Most people don’t need to be told that a church is not primarily the building where people meet for worship and other communal activities. The church, of course, is the people—the living stones (1 Pt. 2.4), which together make a “spiritual house.” The church is the people of God, the body of Christ, a flesh and blood community indwelt by the welcoming presence of Christ.
However, while acknowledging the flesh and blood nature of the church, I don’t think we should to quickly discount the importance of physical space. Christianity is an incarnate religion, and physical stuff matters. I have learned this truth yet again in the aftermath of St. Timothy’s recent building campaign. The physical space at St. Timothy’s has never been extravagant, luxurious space. I once described St. Timothy’s as a “bed and breakfast,” not the Ritz. Our space should be welcoming and comfortable—a physical expression of our hospitality. Unfortunately, until it was refurbished in our recent campaign, various parts of our building had become less than hospitable. Our Parish Hall had become terribly rundown and anything but a welcoming presence. The same was true for our water logged lower level; nothing like the smell of mold to say “Welcome!” The same could also be said about potholes in the parking lot, cracks in the sidewalk, and deferred maintenance on the general wear and tear of the building.
The welcoming presence of Christ at St. Timothy's—or any other church for that matter—comes primarily from the living stones who make up the church. However, the inanimate stones which make up the building are also part of Christ's welcoming presence as well. An ongoing challenge for a church is how to allocate its resources to support the ongoing mission of the church embodied in its people while at the same time being good stewards of its facilities. Vestries have to grapple with these issues every year in preparing a budget. How much do we allocate to maintain the facility versus how much do allocate to support Christ’s ministry of reconciliation and hope in our neighborhood?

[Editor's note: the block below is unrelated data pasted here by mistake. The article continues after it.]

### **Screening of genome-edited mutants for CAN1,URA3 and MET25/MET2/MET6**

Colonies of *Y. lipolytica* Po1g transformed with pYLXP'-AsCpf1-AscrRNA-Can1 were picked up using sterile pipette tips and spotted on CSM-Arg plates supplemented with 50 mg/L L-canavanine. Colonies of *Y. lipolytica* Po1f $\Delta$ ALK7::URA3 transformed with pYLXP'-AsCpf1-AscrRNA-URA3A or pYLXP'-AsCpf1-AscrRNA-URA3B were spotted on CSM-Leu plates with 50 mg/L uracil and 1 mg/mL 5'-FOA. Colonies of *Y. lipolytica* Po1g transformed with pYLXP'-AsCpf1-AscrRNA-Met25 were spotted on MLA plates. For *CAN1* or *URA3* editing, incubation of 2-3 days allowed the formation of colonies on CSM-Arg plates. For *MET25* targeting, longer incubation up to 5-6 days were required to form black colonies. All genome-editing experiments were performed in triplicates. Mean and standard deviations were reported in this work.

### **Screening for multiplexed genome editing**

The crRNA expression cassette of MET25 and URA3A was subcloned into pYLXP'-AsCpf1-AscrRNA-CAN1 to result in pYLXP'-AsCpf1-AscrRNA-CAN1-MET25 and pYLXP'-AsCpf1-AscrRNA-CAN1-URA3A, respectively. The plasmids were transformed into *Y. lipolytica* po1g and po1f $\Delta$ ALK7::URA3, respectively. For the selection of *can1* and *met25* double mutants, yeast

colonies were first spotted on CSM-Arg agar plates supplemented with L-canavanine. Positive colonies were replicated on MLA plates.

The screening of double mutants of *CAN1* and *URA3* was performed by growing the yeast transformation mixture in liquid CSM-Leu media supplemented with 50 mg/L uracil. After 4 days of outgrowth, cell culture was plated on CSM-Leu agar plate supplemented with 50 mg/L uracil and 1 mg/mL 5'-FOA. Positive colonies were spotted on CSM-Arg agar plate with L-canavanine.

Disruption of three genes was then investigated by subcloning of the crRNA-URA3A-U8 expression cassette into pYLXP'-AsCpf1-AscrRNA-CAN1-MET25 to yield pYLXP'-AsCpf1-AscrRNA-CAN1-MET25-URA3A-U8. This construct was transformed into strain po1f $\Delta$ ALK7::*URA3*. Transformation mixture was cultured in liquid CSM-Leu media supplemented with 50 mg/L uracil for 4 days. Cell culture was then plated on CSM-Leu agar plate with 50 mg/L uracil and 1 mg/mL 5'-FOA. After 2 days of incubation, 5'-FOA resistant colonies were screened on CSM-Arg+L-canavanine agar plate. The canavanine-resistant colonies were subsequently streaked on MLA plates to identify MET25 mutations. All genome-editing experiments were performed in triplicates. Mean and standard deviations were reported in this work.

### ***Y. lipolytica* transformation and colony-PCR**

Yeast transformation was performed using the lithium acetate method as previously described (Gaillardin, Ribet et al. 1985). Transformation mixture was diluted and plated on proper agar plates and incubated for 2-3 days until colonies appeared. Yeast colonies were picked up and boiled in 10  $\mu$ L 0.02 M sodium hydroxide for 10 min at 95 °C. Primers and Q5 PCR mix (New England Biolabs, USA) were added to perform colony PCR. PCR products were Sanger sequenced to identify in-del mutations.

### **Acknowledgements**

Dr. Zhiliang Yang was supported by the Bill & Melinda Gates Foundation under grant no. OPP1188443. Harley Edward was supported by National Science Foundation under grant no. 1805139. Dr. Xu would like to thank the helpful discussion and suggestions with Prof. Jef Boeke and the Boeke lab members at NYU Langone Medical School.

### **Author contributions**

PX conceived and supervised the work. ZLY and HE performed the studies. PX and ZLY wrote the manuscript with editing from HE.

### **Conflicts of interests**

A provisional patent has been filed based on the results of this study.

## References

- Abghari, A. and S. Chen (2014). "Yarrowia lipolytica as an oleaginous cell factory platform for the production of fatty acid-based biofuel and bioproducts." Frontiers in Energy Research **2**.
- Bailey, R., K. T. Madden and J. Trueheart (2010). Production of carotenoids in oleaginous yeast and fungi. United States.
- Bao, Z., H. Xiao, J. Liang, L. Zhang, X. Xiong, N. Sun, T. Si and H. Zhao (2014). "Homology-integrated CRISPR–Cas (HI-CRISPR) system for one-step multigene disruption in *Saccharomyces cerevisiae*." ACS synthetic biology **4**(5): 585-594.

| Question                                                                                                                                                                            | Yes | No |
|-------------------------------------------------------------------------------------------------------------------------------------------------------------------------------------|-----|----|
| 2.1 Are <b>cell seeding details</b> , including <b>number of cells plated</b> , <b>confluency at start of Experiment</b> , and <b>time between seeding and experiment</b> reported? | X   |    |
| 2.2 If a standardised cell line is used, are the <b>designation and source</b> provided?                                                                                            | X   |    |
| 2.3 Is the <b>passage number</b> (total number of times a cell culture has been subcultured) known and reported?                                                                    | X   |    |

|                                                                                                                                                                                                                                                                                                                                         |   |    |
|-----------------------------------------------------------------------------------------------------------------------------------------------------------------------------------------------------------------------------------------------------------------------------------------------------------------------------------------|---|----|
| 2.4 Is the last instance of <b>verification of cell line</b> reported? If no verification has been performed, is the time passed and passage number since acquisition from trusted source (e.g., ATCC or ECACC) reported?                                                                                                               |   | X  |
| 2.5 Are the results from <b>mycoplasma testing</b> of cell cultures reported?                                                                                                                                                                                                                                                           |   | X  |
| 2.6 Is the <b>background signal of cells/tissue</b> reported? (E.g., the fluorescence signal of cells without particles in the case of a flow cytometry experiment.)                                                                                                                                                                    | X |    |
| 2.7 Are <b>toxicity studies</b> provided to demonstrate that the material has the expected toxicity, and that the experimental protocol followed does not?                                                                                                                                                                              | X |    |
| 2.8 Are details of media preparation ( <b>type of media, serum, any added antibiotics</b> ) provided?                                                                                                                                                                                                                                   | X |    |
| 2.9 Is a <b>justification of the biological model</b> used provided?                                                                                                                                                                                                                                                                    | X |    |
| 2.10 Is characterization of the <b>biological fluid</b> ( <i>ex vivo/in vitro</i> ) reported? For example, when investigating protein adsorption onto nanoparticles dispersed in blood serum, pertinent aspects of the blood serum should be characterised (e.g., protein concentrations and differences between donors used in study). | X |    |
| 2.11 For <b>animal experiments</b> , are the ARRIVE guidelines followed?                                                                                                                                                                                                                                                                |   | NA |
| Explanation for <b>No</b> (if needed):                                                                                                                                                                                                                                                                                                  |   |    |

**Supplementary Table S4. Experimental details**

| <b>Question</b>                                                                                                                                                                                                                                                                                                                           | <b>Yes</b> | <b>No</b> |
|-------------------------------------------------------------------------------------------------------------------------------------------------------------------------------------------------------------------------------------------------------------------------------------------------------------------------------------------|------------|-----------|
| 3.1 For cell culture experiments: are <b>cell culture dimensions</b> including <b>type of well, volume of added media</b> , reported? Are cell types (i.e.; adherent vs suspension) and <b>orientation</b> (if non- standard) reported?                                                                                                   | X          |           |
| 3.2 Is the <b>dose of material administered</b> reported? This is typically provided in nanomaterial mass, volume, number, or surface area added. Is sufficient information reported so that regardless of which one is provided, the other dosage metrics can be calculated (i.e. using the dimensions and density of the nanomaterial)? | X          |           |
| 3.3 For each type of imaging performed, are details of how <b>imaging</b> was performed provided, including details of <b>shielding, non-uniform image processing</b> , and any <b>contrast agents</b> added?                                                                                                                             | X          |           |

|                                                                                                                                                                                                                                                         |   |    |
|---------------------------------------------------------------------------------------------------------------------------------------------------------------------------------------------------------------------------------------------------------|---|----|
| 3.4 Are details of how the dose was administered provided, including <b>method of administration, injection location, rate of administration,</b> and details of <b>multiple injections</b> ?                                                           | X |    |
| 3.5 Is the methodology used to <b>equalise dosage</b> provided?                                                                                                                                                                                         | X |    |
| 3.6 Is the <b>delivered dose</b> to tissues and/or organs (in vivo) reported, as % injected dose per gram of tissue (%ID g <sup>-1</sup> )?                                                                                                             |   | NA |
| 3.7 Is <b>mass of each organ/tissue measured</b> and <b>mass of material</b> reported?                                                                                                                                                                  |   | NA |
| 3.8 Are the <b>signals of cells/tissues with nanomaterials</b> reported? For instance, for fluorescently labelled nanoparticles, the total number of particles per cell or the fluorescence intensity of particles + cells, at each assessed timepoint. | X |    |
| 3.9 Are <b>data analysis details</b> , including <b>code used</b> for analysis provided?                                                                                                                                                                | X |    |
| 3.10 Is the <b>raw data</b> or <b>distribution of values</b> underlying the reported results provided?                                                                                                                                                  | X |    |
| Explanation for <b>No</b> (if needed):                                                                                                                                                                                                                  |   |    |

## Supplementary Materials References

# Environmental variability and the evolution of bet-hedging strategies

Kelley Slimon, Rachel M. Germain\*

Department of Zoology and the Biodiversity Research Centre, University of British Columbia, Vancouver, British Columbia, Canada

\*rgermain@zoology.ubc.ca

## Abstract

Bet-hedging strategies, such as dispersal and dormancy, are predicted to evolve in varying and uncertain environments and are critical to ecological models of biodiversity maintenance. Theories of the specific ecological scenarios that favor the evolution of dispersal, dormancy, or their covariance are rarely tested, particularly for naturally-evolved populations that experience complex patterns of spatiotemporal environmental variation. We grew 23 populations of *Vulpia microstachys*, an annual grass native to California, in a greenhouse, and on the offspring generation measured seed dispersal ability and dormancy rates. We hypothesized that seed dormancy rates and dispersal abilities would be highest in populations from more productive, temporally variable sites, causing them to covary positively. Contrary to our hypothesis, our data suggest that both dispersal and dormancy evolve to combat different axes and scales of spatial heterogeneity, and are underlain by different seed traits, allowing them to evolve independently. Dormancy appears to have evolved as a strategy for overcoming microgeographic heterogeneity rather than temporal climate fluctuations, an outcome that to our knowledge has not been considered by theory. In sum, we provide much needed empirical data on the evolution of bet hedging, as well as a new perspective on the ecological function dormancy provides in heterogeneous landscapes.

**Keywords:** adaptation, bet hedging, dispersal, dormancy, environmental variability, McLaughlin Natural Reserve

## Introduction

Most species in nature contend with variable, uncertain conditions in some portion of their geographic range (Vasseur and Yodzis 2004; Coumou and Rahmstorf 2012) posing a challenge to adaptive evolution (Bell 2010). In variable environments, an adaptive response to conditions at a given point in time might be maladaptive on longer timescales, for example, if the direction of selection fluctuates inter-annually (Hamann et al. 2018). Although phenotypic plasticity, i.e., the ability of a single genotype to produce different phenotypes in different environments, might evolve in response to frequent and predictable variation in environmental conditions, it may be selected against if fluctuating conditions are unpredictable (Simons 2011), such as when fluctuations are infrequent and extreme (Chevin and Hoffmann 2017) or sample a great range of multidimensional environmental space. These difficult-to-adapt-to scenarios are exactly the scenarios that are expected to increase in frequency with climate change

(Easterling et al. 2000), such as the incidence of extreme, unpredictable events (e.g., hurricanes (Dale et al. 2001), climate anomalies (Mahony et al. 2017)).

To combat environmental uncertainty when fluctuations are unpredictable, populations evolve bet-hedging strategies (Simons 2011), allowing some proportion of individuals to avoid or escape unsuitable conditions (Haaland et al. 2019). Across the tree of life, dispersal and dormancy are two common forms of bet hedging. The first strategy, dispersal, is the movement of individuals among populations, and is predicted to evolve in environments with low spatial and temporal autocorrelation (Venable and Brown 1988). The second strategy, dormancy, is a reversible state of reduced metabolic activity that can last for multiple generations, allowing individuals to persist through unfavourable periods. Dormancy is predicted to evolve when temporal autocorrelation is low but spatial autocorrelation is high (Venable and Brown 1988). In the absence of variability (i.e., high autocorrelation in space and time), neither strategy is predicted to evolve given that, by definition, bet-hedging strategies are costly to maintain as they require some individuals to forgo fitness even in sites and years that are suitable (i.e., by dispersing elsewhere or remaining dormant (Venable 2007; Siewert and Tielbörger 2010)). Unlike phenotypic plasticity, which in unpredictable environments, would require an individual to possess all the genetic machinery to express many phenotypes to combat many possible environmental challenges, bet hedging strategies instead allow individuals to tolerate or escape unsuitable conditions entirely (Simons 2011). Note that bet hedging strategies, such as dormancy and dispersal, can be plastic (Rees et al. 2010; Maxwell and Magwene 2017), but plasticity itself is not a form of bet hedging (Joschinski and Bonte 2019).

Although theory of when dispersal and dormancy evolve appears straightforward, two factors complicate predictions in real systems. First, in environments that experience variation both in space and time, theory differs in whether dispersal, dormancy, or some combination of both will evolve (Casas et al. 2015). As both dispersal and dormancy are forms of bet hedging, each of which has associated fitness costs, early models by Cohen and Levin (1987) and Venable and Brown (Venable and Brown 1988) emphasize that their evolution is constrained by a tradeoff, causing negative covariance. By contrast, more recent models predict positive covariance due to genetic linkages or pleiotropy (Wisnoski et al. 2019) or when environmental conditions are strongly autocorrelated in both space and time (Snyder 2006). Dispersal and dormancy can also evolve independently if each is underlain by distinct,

Every Vestry has to make tough decisions about the allocation of resources, but I wonder if one place to begin these challenging conversations is with the realization that money given to maintain the facility and money given to support ministries are both about the mission of the church. The best example of this I know came from our building project in the late ‘90s. The addition of our Gathering Space outside of our worship space transformed the communal experience on Sunday morning. Prior to building that space, it was hard to connect with people before and after worship. The first Sunday we used the new space everything changed. Gatherings before and after worship became a time when old relationships were renewed and strangers discovered new friends. More recently, the refurbishment of our Parish Hall has made that space a vehicle of Christ’s reconciling ministry. We have had more festive gatherings in that space in the last year than during the three prior decades combined. The same is true for a refurbished room on our lower level. It has become the space where everyone wants to meet. It is spacious, comfortable and welcoming.
The hospitality of God is made flesh in God’s people, but it is also made concrete in bricks and mortar. May every aspect of the church’s life embody the welcoming presence of Christ.